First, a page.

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NCSA’s Blue Waters supercomputer helps map the poles

Tracking polar ice melting in both the Arctic and Antarctic, noting the clear-cutting of trees in the Arctic Circle or discovering unknown penguin colonies are just three of the observations scientists have made as the result of improved polar region topographical maps created using the Blue Waters supercomputer at the National Center for Supercomputing Applications at the University of Illinois.

Last week, researchers released the first high-resolution, high-accuracy terrain map of Antarctica. The Reference Elevation Model of Antarctica (REMA) project, led by Ian Howat and other researchers at The Ohio State University’s Byrd Polar and Climate Research Center, relied entirely on the computational and data resources of Blue Waters to run the SETSM software they developed that automated assembly of overlapping pairs of high-resolution satellite images to create the high-resolution, high-fidelity elevation maps. While the map images are impressive, it is at least equally important that the actual elevation data underlying the images is openly available so other researchers can computationally analyze the topology in numerous ways.

High-resolution maps of the Arctic region created by Paul Morin and the staff at the Polar Geospatial Center (PGC) at the University of Minnesota were released beginning two years ago under the ArcticDEM project.

The REMA project got its start as a Blue Waters Innovation and Exploration allocation. Five percent of the time on Blue Waters is set aside for projects that want to innovate and explore new uses for high performance computation and data analysis. As Blue Waters is composed of more than 700,000 processor cores, significantly more computing power than most available systems, it continues to provide a unique opportunity to perform groundbreaking work.

The REMA project was able to receive an allocation of time on Blue Waters after the ArcticDEM project showed the feasibility of the approach, which was allocated by the National Science Foundation (NSF), the funding agency for Blue Waters. The more than 1.2 million node (38.4 million core) hours awarded to REMA is one of the largest Blue Waters Innovation allocations. ArcticDEM started as the only larger Innovation allocation of 3 million node (96 million core) hours, which provided the ability to create elevation maps from stereo satellite images. ArcticDEM evolved into an NSF allocation to complete the Arctic.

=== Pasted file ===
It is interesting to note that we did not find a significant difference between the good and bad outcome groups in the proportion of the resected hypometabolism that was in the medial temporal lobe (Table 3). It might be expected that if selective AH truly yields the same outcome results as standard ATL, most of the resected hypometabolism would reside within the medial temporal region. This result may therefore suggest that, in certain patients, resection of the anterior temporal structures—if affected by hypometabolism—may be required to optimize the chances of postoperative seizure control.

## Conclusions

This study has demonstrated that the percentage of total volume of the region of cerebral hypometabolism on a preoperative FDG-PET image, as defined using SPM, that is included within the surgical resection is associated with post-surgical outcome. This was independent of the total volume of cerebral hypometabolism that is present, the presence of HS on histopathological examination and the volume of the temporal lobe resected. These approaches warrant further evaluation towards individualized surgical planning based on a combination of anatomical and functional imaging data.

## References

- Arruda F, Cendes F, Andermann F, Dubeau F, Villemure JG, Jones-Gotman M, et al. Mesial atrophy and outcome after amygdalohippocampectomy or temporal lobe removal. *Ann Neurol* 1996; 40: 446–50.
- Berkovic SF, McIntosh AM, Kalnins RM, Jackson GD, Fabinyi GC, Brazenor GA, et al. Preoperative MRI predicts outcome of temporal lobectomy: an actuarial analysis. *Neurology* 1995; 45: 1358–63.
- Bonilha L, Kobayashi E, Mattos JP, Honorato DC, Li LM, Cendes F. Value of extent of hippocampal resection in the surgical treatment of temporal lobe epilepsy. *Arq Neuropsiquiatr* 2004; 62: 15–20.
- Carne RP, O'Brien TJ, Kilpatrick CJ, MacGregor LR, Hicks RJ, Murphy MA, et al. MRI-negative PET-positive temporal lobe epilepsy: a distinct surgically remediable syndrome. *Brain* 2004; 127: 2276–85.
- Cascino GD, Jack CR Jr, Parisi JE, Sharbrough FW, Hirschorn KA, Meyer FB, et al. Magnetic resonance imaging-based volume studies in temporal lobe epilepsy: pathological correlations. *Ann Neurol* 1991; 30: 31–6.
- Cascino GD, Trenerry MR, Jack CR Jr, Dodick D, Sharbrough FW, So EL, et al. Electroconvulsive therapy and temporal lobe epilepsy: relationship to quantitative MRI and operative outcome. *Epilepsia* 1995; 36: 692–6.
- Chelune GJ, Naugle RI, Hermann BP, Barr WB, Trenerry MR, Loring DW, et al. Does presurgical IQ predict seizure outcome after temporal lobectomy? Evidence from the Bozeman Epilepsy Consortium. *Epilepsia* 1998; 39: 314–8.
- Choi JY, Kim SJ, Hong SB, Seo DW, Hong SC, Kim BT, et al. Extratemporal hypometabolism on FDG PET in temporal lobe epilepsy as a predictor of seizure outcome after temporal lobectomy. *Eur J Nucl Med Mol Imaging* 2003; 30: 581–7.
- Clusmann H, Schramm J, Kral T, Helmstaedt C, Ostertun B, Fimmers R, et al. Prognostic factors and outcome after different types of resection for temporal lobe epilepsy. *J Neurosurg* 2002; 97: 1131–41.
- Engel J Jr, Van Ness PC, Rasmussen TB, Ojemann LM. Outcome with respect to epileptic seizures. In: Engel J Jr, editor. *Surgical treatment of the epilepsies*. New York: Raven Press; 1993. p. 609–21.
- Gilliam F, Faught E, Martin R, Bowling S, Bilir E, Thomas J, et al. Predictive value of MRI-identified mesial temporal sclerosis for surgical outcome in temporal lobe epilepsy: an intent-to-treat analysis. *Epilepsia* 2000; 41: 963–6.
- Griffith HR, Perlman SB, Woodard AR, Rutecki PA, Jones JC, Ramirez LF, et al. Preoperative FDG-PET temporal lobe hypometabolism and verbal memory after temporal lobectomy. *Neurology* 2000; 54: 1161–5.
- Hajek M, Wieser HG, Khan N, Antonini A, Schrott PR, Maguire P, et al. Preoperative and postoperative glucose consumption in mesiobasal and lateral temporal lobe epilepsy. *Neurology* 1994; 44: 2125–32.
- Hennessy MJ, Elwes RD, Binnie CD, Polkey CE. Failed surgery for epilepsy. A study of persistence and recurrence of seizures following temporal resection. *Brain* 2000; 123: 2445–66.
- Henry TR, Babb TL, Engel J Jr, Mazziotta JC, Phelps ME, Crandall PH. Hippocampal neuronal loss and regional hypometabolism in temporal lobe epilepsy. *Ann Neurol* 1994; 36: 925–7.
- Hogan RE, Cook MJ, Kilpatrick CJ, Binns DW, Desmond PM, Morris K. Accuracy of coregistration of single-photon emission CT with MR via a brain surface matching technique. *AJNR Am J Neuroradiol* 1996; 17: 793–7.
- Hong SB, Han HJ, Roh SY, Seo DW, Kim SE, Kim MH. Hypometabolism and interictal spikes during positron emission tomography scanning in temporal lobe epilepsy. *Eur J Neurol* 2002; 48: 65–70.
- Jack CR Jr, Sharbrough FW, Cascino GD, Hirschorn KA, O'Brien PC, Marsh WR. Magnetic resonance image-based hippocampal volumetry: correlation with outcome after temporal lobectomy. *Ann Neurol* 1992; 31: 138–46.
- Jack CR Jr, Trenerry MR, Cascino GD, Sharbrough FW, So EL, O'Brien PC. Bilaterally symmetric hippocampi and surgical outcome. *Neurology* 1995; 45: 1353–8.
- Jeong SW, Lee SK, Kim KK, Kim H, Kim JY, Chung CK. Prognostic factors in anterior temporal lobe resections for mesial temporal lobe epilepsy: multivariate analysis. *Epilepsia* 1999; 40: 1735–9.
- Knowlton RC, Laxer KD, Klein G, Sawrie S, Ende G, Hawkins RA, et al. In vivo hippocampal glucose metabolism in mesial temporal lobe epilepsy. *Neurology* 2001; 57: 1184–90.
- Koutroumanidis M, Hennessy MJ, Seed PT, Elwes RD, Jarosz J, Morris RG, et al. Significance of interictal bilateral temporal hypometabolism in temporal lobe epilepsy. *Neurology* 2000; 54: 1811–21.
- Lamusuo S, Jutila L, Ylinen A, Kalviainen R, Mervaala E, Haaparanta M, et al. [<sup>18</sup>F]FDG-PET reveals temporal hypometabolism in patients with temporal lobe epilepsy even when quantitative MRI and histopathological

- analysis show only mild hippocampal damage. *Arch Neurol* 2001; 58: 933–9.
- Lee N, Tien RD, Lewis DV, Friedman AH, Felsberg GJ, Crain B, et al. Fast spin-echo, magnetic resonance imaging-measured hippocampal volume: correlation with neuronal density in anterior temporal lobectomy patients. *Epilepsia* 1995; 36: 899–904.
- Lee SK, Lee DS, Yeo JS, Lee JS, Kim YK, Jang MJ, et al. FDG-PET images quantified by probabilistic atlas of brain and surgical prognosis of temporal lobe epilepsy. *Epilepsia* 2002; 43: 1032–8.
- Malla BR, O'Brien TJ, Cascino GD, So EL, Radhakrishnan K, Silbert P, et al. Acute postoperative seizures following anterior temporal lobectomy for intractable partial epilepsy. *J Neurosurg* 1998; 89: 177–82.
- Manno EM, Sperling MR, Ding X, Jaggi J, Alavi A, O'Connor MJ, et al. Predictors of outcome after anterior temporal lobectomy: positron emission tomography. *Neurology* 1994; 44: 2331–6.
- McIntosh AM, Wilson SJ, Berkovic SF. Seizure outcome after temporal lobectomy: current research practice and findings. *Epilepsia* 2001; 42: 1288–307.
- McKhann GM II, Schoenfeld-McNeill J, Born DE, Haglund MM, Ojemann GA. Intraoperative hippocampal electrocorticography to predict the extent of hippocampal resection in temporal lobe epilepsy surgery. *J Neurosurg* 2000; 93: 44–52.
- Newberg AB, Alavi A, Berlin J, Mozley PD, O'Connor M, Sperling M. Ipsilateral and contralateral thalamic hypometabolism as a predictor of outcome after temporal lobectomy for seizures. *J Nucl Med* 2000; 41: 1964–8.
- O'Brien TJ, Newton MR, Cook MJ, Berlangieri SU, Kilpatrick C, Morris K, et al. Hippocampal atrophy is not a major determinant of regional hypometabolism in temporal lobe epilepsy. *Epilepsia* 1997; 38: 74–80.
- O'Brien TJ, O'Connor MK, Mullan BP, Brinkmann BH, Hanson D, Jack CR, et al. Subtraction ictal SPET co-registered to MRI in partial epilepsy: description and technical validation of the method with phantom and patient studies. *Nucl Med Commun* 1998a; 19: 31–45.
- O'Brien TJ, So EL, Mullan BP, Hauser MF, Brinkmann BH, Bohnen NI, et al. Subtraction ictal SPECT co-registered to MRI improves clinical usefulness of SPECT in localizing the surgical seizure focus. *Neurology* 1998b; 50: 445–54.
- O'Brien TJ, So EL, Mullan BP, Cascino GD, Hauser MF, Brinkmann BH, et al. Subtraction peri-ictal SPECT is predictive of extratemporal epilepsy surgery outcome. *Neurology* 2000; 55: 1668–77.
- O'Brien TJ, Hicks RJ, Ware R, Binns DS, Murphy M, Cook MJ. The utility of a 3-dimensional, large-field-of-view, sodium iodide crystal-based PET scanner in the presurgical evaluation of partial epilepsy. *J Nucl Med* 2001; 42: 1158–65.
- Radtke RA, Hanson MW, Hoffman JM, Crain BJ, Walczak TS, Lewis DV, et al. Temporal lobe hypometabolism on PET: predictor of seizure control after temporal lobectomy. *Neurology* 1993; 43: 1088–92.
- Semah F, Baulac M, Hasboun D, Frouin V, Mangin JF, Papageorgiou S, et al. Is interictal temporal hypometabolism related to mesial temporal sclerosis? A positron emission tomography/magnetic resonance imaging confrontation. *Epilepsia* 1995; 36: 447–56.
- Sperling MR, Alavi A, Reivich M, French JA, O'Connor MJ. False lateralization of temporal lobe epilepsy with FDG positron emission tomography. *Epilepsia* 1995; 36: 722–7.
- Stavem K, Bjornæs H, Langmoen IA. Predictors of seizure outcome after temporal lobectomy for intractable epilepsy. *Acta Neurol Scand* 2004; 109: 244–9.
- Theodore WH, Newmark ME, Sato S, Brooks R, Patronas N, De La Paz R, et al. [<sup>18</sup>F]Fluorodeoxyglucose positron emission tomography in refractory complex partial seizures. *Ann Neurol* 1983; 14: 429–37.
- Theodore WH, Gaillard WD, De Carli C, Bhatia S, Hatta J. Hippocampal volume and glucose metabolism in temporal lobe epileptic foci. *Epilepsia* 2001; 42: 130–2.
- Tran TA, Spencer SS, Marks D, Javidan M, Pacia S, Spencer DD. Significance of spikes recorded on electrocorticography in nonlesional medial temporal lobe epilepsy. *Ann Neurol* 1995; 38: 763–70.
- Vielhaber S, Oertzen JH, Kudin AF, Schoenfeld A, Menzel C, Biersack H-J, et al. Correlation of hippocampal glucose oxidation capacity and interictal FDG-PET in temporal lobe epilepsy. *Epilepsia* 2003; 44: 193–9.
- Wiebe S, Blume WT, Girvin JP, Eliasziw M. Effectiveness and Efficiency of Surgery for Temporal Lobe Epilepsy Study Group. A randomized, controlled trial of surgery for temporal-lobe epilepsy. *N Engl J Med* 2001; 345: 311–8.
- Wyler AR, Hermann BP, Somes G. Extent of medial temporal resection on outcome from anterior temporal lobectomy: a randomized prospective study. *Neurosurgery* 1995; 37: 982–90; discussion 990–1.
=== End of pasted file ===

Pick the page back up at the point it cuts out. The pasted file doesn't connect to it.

The PGC staff and the Byrd Center staff collaborated with NCSA staff and on both mapping projects. The original satellite images are provided free to the teams through agreements with the National Geospatial Intelligence Agency (NGA) to enable creating open, sharable data.

“The work by the Blue Waters support team, including application and resource management specialists, on the earlier ArcticDEM mapping project enabled the REMA project to efficiently use the Blue Waters supercomputer concurrently with the other NSF allocated projects,” notes Greg Bauer, applications support lead and co-principal investigator for the Blue Waters Project. “Both mapping projects also benefitted from Blue Waters’ Petascale Application Improvement Discovery program. This program provided funds to the project science investigators to work with for improvement specialists to create and implement application improvements.”

The new maps of Antarctica has naturally generated a media buzz, including a story in The New York Times.

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